I was in the park with my family last weekend. In the middle of the park stands this beautiful, big tree. Its large, sturdy branches grow close to the ground and you usually see the tree full of climbing children, finding their way up and down the trunk, focused and fulfilled by the wonderful task of tree-climbing.
On the bottom branch of the tree that day, I noticed a group of three boys, that were about four years old, sitting together and posing for a photo. “Cheese!” one mom happily called out to them, “Smile for the camera! Woohoo!”
He soon cried out to his mother, “I’m scared!”
And they all smiled, except for one. This little boy was holding on to that tree branch with all his strength, his body tense and his expression scared.
His mom and the others standing by looked at him and started laughing.
“Oh, come on! Don’t be silly! Smile!”
“Aaah!” The boy cried louder, “I’m going to fall! Mama!”
He was pleading to his mother to take him down.
What the mothers saw was a silly boy that shouldn’t be scared. He was only few feet from the ground for heaven’s sake! Surely there was nothing to be scared of? His mother meant well when she told him “It’s alright! It’s not even high, bubba. Look at your friends, they’re not scared! Stop it!”
It was pretty symbolic for me to witness this encounter on that day. Why?
Taking her time
Well, because for a whole year, my 4.5 year old didn’t “dare” to go higher than the first branch of that tree. She was the child that either stood by and watched, or could hardly move around on the branches because she felt too afraid of falling.
If there is anything respectful parenting has taught me, it is to trust the process. Magda Gerber’s famous words “earlier is not better” and her teachings on allowing children to learn and develop in their own time; that “readiness is key”, are what guided me for that whole year when my daughter was timid of what seemed like a very innocent tree to me.
Instead of encouraging her to “just do it!”, showing her how, or teaching her, I waited. Instead of getting anxious and scared that she “was not doing it right”, that she “shouldn’t be scared”, projecting into the future that her timidness was a sign that something was wrong with her and that something needed to be fixed, I was able to relax and was able to stay neutral.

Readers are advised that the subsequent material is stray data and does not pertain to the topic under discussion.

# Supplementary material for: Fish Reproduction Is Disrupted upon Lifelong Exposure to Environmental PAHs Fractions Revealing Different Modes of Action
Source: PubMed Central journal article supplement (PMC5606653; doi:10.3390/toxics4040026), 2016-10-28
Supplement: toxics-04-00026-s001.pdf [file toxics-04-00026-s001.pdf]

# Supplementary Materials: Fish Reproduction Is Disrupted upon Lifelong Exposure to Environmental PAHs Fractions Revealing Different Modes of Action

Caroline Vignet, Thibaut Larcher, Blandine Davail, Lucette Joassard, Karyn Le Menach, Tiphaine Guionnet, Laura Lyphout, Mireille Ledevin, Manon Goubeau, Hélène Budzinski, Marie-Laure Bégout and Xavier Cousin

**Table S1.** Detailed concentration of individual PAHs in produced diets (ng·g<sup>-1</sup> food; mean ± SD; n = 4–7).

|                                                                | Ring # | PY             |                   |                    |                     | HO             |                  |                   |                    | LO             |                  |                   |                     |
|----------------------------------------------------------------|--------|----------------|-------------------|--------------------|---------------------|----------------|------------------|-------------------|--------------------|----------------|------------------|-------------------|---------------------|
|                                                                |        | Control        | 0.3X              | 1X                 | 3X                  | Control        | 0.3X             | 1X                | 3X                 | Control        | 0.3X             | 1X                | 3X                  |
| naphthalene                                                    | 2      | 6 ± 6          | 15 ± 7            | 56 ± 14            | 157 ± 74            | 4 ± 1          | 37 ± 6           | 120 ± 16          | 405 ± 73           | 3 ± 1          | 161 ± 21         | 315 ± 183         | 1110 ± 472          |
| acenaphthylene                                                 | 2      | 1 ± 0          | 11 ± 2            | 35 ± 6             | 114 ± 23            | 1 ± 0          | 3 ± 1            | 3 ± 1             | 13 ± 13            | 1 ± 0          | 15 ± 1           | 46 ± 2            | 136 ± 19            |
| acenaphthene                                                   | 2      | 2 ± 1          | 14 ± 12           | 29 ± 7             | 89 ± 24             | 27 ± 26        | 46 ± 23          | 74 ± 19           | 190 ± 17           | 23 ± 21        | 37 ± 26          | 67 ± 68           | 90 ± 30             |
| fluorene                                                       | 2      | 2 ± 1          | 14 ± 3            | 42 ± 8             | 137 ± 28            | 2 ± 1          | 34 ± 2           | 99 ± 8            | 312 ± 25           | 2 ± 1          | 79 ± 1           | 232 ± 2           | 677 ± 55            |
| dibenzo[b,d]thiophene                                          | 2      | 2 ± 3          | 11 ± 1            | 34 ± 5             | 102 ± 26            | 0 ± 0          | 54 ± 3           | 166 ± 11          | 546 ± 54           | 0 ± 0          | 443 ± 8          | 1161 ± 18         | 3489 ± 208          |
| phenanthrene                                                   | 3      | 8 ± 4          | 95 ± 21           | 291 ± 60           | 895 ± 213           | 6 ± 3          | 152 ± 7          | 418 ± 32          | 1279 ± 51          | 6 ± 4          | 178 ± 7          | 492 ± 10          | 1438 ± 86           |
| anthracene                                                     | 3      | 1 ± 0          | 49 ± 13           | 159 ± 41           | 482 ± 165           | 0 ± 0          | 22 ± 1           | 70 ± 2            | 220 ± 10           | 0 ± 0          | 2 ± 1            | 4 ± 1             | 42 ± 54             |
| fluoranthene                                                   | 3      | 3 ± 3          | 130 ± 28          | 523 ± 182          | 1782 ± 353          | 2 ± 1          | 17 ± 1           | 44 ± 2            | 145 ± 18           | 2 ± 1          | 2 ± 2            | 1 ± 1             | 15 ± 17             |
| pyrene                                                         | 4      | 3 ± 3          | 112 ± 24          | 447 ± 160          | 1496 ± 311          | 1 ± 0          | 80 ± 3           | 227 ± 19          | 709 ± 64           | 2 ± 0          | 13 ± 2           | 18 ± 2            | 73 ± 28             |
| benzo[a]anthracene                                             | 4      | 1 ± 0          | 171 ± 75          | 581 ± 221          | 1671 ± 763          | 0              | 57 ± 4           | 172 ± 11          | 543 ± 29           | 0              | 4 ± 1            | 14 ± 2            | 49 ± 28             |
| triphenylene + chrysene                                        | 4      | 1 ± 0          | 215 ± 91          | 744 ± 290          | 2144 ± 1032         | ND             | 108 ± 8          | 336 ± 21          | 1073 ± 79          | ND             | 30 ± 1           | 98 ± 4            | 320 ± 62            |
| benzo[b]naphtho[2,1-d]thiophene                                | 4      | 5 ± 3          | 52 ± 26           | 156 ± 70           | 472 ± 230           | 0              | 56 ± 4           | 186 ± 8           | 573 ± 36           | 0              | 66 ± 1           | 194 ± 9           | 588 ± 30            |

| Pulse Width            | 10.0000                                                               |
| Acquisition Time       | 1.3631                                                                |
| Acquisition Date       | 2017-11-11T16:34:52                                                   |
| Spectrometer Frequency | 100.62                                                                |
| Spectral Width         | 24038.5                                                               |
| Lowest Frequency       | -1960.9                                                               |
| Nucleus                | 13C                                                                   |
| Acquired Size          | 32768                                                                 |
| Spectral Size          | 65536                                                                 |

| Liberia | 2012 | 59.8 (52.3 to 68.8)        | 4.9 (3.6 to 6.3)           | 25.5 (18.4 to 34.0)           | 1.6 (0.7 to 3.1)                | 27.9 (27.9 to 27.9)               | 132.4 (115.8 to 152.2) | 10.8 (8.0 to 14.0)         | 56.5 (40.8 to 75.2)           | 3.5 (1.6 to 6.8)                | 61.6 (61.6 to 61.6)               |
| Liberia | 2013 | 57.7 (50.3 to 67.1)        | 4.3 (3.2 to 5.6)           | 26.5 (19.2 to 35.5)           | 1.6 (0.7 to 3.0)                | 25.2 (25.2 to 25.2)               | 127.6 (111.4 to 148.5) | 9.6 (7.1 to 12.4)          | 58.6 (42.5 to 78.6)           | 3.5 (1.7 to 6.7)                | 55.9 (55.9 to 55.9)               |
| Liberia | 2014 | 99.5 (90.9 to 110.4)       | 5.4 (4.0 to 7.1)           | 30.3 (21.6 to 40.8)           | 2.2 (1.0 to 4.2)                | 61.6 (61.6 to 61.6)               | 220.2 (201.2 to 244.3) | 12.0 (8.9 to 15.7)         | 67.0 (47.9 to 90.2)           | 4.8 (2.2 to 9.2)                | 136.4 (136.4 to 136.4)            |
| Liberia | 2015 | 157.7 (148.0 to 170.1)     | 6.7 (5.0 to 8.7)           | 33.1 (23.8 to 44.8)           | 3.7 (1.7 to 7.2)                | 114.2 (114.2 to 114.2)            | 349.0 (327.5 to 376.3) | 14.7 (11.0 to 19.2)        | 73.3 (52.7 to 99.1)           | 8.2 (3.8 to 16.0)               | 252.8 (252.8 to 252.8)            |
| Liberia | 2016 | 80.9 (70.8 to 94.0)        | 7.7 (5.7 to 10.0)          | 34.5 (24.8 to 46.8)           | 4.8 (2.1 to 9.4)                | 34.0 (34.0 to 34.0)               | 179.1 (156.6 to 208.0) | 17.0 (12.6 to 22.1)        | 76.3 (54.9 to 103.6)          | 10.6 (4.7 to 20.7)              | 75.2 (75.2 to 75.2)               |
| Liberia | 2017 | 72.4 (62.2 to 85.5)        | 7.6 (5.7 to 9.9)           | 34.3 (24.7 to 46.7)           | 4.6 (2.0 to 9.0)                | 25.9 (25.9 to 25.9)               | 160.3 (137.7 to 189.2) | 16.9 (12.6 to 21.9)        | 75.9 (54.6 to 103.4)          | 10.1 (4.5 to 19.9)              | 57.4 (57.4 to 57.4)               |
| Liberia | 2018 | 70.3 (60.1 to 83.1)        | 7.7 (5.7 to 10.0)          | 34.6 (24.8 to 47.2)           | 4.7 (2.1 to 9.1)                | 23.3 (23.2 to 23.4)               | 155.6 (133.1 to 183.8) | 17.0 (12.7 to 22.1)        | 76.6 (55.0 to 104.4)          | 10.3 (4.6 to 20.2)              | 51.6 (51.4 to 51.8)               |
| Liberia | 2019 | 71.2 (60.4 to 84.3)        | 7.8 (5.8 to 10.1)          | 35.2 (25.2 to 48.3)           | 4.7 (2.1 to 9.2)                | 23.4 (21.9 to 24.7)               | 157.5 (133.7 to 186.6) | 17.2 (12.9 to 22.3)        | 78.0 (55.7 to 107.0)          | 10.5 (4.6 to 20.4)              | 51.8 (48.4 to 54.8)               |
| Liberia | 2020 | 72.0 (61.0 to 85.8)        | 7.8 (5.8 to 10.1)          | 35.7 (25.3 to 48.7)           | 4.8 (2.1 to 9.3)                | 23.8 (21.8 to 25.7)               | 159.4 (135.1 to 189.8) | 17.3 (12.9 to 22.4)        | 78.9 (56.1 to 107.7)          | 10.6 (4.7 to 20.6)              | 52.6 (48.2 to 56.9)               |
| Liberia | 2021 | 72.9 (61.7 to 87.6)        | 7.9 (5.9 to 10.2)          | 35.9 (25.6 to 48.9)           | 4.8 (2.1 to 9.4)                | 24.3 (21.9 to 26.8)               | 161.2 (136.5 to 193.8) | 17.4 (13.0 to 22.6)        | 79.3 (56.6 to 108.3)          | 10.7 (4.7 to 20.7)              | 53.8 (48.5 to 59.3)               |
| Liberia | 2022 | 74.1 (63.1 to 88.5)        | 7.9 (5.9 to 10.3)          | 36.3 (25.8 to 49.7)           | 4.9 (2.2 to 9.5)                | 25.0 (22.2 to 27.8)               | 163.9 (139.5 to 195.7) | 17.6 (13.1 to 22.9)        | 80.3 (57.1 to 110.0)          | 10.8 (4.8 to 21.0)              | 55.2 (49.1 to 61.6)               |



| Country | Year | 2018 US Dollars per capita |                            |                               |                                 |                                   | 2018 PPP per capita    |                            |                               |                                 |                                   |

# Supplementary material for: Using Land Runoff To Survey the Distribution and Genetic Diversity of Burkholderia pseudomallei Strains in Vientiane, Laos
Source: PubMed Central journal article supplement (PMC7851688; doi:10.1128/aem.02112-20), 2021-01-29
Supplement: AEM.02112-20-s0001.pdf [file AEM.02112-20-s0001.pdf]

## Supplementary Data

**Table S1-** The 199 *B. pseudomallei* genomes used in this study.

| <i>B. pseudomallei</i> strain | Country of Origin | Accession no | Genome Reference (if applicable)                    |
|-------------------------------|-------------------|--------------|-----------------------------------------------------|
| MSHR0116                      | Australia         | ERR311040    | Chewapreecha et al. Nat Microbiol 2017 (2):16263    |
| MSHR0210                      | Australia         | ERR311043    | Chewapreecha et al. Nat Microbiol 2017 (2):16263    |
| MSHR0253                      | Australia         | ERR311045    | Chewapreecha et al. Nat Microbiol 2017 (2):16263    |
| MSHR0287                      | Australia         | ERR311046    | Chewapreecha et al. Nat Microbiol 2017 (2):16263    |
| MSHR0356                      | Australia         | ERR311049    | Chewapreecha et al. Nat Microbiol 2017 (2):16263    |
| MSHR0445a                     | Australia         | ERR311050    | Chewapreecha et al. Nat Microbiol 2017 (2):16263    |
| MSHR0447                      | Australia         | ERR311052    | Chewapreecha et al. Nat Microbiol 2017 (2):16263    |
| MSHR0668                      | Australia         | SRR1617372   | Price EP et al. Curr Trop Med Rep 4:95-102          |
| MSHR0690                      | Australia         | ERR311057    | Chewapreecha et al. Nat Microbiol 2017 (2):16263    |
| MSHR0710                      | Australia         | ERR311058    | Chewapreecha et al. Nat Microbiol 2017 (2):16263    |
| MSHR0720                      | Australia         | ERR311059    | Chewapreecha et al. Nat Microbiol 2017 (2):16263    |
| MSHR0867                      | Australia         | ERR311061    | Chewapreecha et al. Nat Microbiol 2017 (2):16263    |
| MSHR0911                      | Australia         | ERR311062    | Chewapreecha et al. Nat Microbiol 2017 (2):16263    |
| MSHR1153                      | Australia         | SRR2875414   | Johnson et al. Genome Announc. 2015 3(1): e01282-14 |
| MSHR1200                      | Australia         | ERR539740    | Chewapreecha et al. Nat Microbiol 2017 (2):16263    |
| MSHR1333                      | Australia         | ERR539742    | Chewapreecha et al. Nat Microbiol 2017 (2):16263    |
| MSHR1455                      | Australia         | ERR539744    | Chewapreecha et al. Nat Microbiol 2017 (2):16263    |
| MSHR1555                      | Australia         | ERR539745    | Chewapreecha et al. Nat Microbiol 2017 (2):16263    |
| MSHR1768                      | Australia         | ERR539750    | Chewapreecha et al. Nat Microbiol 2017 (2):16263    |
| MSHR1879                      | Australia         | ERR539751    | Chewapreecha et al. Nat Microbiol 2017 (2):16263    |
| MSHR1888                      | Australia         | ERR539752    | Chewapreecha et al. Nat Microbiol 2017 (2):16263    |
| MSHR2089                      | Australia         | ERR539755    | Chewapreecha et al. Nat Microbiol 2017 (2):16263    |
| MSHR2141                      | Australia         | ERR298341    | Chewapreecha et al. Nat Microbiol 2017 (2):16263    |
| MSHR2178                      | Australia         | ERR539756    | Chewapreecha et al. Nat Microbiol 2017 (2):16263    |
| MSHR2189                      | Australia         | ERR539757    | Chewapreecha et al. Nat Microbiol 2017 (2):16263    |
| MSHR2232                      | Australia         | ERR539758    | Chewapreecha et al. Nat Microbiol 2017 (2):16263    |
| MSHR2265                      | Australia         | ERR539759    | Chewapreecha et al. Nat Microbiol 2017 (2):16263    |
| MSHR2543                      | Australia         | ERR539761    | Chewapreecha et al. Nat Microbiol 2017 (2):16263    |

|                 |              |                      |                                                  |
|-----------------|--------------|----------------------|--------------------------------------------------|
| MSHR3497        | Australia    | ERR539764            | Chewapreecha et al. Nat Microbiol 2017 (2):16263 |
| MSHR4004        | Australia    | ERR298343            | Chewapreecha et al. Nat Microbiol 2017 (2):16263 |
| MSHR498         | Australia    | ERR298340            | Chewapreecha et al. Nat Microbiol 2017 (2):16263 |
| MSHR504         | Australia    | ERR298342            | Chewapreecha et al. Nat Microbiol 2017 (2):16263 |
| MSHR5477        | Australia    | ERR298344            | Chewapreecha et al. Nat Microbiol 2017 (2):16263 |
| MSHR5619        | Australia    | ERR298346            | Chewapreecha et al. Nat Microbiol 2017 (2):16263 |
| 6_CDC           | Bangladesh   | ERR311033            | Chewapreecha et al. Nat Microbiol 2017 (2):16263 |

No judgement, just allowing space for whatever process she was going through, trusting that it was all just what she needed at that time.
A lot of the time, learning doesn’t look like what we envision. The hours my daughter spent quietly observing other children climbing was incredibly important learning for her. The times she tried climbing but decided not to were exactly as many times as she needed. No teaching from me would have served her better than what she was already doing on her own.
The temptation to speed up the process
We live in a society where we are constantly being told that “early is INDEED better”. We are told that in order for our kids to learn something, they need to be taught how to do it. That if we let them off the hook they will fall behind, become weak or lacking in some way.
Well, let me just tell anyone who reads this and wants to listen – it’s not true.
That very day at the park, my daughter was ready. She conquered the tree she had been timid of for a whole year, and I witnessed yet again the incredible beauty and power that comes with readiness.
The most beautiful part of the whole experience was that she climbed that tree unexpectedly, with so much joy, ease and flow, confidence and competence. She was focused and determined at the same time. It was like she had done it a million times before.
And up, up, up she went, climbing higher than any other kid on that tree! The other children were pointing at her, the older boys seemed very impressed. She literally could not climb any higher.
And there she was, sitting in the highest part of the tree, on a wobbly branch that totally looked like it could break any minute, at least in her mother’s eyes! My husband and I stared up at our timid little girl that didn’t seem so timid anymore.
It’s your journey, too
I wanted to whisper into the ear of the mother of that crying boy. That I knew how she felt, that it was the same with my girl, to show her what would happen if she let him off the hook and just waited. Show her the magic of readiness and the power of waiting. Of course, I didn’t.
We’re all on our own parenting journey and this mother was doing what felt right to her at that moment. That’s what we all try to do and it’s important to recognise that and respect that.
All I can do is keep doing what feels true and right for me on this incredible parenting journey, and that afternoon, I felt deeply thankful to have decided to take the route of trust. How thankful I am that I waited. That I wholeheartedly trusted the process, and therefore, my daughter.